In his 1959 speech, nanotechnology pioneer, Richard Feynman emphasized the role he saw nanotechnology playing in cardiac sciences, alluding to the potential applications of nanotechnology in cardiovascular medicine. Fast forward to today, and it seems that advancements in nanotechnology in medicine are able to help treat, repair and possibly even prevent heart attacks or other heart-related illnesses.
Recently, the Investing News Network looked at cardiovascular disease, an age-related illness that incorporates several heart-related conditions. While there are yet no cures for cardiovascular diseases, investors should be interested in understanding some of the ways that nanotechnology can help individuals with cardiovascular diseases.
Nanotechnology and the operating table
Cardiopulmonary bypass surgery is a method of surgery that is performed on individuals with coronary heart disease. This surgery lends itself to many complications such as central nervous system disturbances, or gastrointestinal complications for some patients. Advancements in nanoscience have been able to provide technology to design and develop newer cardiac instruments that can provide surgeons with a less invasive method of addressing cardiac issues.
Although not exactly nano-sized, nanotechnology has played a role in the development of robotic surgical systems. With these systems, surgeons benefit from precision instruments that are inserted into ports into the patient and controlled by a joystick. Radcliffe Cardiology explains that the “surgeon’s movements transform large motions on the remote control into miniature movements on the robot arms” this significantly improves mechanical precision and safety.
Nanotechnology as cardiovascular diagnostic system
Nanotechnology is also found in diagnostics with nanobots. Radcliffe explains that when nanobots are operating in the human body, they monitor levels of different compounds and record the information in their internal memory ” and can also be used “in the examination of a given tissue, surveying its biomechanical and histometrical features in greater detail.”
Indeed, “the advent of molecular nanotechnology will again enormously expand the effectiveness, comfort, and speed of future medical treatments, while at the same time significantly reducing their risk, cost, and invasiveness.”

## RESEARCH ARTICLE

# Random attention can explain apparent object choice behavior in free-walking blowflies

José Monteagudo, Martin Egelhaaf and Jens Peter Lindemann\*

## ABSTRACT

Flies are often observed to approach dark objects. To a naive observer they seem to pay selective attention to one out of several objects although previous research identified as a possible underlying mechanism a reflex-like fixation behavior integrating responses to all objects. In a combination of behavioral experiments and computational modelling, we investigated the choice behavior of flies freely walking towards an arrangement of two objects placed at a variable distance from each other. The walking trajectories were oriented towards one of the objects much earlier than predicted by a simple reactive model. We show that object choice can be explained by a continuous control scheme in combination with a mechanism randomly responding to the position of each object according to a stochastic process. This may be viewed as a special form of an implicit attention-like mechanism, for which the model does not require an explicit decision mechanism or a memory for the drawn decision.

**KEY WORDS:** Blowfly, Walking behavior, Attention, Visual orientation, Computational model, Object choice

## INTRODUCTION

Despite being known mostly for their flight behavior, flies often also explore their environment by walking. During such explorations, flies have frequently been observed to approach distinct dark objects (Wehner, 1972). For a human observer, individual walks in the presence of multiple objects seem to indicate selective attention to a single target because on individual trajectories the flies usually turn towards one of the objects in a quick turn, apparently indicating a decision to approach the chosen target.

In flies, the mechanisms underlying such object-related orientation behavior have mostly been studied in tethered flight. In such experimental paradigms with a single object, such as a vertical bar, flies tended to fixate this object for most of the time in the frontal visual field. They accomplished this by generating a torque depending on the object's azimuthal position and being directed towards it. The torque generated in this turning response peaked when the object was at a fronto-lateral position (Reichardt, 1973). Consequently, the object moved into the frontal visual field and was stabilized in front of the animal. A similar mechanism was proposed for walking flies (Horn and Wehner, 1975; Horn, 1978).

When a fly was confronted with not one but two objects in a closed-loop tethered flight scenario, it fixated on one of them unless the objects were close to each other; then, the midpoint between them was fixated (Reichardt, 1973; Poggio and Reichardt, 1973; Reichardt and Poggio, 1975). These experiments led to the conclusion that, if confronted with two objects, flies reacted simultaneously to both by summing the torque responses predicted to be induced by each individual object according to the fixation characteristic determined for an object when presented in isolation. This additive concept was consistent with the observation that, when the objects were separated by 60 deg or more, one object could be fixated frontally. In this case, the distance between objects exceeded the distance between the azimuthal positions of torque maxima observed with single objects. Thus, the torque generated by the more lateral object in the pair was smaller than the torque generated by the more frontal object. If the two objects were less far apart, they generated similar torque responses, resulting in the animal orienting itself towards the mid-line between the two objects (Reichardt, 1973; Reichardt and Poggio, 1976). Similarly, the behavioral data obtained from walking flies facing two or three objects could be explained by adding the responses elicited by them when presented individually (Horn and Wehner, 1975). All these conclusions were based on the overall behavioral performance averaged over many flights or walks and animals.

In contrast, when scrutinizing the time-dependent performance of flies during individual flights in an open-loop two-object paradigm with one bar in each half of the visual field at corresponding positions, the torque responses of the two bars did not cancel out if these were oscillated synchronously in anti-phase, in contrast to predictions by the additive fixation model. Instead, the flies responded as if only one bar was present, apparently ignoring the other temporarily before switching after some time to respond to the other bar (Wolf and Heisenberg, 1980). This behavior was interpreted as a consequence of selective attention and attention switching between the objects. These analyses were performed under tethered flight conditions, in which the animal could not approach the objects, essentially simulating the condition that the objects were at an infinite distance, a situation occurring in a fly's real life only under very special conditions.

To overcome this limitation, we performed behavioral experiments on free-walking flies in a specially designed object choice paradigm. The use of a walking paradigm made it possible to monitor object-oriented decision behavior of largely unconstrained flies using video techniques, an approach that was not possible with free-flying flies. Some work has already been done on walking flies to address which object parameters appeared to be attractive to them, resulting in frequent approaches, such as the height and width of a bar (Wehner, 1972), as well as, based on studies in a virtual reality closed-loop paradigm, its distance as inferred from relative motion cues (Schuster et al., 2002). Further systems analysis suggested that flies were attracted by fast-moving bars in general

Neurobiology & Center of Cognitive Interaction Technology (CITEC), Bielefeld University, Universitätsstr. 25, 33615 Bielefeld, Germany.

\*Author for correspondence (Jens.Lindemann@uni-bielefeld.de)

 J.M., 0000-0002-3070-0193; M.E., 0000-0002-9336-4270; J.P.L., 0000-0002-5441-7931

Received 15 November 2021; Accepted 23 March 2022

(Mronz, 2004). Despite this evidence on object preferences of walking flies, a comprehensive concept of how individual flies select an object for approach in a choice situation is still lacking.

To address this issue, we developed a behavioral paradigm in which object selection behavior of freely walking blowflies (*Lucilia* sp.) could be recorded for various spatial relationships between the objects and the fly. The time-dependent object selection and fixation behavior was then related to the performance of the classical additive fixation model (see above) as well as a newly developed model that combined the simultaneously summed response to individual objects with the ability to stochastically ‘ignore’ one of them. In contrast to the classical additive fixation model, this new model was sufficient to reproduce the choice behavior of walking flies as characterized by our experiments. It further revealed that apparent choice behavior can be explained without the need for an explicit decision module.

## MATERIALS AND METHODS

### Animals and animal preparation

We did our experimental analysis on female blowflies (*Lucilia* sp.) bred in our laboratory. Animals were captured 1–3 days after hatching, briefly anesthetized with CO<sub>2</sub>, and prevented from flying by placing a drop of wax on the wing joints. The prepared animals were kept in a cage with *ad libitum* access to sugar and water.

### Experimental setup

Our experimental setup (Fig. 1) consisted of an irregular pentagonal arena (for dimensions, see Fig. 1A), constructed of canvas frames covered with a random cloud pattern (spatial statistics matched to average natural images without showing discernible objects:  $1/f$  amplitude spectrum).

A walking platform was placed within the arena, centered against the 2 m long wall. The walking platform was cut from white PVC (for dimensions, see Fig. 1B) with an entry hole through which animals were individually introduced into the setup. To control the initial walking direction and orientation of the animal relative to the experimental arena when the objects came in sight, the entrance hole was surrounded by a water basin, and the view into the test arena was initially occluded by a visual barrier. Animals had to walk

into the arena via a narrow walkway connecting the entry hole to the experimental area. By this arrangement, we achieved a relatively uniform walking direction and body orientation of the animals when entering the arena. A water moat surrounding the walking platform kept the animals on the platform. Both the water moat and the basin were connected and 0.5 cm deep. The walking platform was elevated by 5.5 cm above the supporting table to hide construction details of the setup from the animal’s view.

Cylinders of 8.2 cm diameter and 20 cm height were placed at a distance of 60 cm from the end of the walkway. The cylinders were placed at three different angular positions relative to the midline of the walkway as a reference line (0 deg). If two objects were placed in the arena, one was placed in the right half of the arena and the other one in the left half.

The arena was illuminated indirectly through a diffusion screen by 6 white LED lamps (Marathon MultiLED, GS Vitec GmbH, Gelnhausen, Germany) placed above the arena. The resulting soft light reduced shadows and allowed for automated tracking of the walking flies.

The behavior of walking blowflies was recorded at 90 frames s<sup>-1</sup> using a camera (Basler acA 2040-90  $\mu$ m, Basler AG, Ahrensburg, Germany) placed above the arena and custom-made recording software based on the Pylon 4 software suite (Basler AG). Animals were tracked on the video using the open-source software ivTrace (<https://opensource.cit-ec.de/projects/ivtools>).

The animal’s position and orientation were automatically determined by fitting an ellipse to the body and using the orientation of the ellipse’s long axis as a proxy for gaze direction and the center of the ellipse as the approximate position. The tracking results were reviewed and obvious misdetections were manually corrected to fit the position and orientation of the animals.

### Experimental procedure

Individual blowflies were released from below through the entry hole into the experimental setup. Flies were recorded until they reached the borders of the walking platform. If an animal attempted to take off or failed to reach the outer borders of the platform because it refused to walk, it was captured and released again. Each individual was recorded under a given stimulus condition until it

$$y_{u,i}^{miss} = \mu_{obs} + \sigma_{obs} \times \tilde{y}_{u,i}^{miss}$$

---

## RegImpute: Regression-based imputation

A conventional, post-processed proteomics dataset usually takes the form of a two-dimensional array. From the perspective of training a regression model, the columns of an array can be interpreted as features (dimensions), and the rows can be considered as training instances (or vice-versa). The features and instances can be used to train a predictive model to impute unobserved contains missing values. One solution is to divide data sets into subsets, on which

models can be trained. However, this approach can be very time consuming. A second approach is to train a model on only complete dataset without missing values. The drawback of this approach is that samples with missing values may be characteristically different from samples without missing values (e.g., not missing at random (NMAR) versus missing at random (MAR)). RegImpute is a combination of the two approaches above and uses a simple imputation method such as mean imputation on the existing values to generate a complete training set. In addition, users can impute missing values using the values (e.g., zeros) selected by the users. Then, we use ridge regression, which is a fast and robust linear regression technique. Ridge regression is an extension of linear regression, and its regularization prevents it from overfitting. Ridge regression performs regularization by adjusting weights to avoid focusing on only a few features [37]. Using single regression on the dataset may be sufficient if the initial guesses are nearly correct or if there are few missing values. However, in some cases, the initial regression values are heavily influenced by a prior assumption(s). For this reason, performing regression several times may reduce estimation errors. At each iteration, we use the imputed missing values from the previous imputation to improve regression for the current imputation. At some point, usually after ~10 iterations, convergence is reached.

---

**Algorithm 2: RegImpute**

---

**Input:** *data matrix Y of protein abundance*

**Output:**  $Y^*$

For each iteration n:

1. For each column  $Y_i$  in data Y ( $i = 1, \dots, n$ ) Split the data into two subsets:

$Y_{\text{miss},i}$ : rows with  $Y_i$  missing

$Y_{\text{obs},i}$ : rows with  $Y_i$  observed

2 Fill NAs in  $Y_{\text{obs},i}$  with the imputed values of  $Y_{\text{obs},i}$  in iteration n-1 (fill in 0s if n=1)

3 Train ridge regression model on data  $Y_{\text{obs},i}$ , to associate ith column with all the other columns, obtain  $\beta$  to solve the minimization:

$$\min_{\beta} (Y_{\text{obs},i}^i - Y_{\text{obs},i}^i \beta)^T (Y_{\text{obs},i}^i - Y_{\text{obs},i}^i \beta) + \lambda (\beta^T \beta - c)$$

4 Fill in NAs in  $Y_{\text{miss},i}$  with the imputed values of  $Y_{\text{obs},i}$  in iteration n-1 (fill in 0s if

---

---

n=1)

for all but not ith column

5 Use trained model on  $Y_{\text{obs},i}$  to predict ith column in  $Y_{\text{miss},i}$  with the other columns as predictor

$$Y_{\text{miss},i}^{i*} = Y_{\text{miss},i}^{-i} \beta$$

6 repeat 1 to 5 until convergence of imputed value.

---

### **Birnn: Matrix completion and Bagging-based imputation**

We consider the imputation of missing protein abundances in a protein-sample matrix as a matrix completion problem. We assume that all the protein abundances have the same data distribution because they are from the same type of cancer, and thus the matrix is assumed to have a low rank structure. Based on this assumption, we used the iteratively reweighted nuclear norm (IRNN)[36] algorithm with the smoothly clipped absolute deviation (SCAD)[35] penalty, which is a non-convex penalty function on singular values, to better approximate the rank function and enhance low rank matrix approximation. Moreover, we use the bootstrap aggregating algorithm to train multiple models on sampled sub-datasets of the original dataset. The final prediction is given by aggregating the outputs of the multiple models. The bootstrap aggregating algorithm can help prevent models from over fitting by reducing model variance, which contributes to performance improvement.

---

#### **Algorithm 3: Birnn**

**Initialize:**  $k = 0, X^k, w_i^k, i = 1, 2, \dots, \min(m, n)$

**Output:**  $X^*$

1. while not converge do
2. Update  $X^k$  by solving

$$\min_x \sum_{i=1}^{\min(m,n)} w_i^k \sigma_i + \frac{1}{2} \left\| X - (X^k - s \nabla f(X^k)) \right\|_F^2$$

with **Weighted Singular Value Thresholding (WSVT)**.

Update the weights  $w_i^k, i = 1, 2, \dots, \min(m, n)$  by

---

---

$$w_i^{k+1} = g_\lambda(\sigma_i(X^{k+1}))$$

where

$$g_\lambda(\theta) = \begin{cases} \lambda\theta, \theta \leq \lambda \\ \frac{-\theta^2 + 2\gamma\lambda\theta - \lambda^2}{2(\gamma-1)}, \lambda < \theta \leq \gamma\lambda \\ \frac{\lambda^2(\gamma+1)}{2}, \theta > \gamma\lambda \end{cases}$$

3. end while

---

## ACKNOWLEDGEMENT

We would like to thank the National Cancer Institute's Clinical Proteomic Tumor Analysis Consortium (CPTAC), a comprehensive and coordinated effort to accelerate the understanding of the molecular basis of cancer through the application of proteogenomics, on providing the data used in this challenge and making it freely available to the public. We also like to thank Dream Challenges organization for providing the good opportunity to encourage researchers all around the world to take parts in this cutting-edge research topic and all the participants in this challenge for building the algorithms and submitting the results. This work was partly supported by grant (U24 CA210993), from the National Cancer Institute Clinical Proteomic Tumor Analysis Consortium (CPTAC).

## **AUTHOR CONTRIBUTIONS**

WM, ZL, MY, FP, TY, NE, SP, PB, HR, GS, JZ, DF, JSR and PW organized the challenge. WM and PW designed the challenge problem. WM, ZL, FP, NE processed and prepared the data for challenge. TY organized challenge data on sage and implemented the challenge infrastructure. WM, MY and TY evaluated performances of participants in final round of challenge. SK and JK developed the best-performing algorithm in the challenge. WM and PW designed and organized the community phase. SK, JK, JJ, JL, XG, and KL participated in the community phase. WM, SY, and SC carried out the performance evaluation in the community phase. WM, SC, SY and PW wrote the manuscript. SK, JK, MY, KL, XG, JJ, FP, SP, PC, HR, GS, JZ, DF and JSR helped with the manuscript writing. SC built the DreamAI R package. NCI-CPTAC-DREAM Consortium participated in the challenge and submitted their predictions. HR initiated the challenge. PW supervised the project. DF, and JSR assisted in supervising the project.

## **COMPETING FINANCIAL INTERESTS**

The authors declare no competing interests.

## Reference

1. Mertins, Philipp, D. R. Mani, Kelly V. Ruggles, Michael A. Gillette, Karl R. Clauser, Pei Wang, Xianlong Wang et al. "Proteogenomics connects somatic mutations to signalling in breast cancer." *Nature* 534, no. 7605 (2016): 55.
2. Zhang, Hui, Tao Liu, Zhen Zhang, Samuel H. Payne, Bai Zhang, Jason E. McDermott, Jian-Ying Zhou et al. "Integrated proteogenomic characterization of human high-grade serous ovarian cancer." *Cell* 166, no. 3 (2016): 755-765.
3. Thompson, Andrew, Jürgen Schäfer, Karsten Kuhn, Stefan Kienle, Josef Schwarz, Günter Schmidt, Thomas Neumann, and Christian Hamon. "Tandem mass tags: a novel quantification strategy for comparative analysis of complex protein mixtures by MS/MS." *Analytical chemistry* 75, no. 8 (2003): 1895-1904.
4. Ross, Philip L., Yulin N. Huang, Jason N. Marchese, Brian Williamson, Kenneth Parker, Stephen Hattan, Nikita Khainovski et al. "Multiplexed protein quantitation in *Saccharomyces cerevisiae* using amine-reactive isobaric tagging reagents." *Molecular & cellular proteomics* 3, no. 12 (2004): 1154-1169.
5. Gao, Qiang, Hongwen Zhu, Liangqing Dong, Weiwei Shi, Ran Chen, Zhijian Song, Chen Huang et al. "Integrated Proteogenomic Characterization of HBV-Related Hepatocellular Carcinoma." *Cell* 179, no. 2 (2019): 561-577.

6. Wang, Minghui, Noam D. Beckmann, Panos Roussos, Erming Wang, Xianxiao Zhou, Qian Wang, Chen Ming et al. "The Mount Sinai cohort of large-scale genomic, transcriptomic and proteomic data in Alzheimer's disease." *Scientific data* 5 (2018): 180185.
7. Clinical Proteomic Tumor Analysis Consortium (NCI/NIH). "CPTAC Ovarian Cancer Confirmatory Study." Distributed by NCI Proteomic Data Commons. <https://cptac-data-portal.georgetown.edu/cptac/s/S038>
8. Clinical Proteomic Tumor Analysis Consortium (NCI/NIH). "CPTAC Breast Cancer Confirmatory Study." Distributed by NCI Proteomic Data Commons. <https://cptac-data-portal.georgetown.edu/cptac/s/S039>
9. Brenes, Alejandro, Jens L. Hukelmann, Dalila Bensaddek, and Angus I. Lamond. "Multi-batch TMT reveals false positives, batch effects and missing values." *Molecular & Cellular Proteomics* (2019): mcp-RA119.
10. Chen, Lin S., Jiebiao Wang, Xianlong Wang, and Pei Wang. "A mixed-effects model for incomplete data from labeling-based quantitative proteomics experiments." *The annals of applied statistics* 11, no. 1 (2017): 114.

Nanotechnology to repair heart damage
In partnership with engineers at Brown University, researchers at the Institute of Technology Kanpur in India have been using nanotechnology to help repair the damage done to the cells of a heart following a heart attack. Science Daily explains that following a heart attack, there are two types of cells that die: the first are the nerve cells located in the heart wall, the second are the ones that make it so the heart expands and contracts when it beats. While the former problem can be repaired, there is no fixing the damage done when a person’s heart loses the ability to contract and expand.
That said, using nanotechnology, researchers have created a nanopath that is made of carbon nanofibers, polymer and heart-tissue in an effort to replace the damaged tissue. So far, it has been observed that the heart tissue cells regenerated using the nanopath at a significantly increased rate.
While this technology is as of yet not ready for human trials, the implications that researchers can possibly bring dead heart cells back to life can potentially change the course of life for millions of heart attack patients.
Nanotechnology and heart treatments
One of the more recent advancements in nanotechnology in the fight against cardiovascular diseases was developed by University of Michigan researchers and can be the key to a targeted therapy for cardiac arrhythmia.
This new treatment, according to Medical Xpress, “uses nanotechnology to precisely target and destroy the cells within the heart that cause cardiac arrhythmia.” When applied to rodents and sheep, the researchers found that the treatment successfully killed the cells that caused the arrhythmia, while leaving the surrounding cells intact.
“The great thing about this treatment is that it’s precise down to the level of individual cells,” said Raoul Kopelman, the Richard Smalley Distinguished Professor of Chemistry, Physics and Applied Physics, adding that “Drugs spread all over the body and high-power lasers char the tissue in the heart. This treatment is much easier and much safer.”
Other than arrhythmias, researchers at the University of Santa Barbara have develop a nanoparticle that is able to deliver drugs to the plaque wall of an artery. In this case, researchers attach a protein called a peptide to the nanoparticle, which then binds to the surface of the plaque. These nanoparticles can determine the amount of arterial plaque, which can then determine treatment. This procedure is still in the development stage, however, has show promise when tested on mice.
Nanotechnology in medicine a growing market
Research and development into nanotechnology in medicine, and more specifically nanotechnology and heart disease, is a growing field full of potential. With millions of individuals affected by heart disease, it is no doubt that if scientists developed a marketable, early detection and prevention treatment many lives could be changed.
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This article was originally published on February 12, 2016.
Securities Disclosure: I, Vivien Diniz, hold no investment interest in any of the companies mentioned in this article.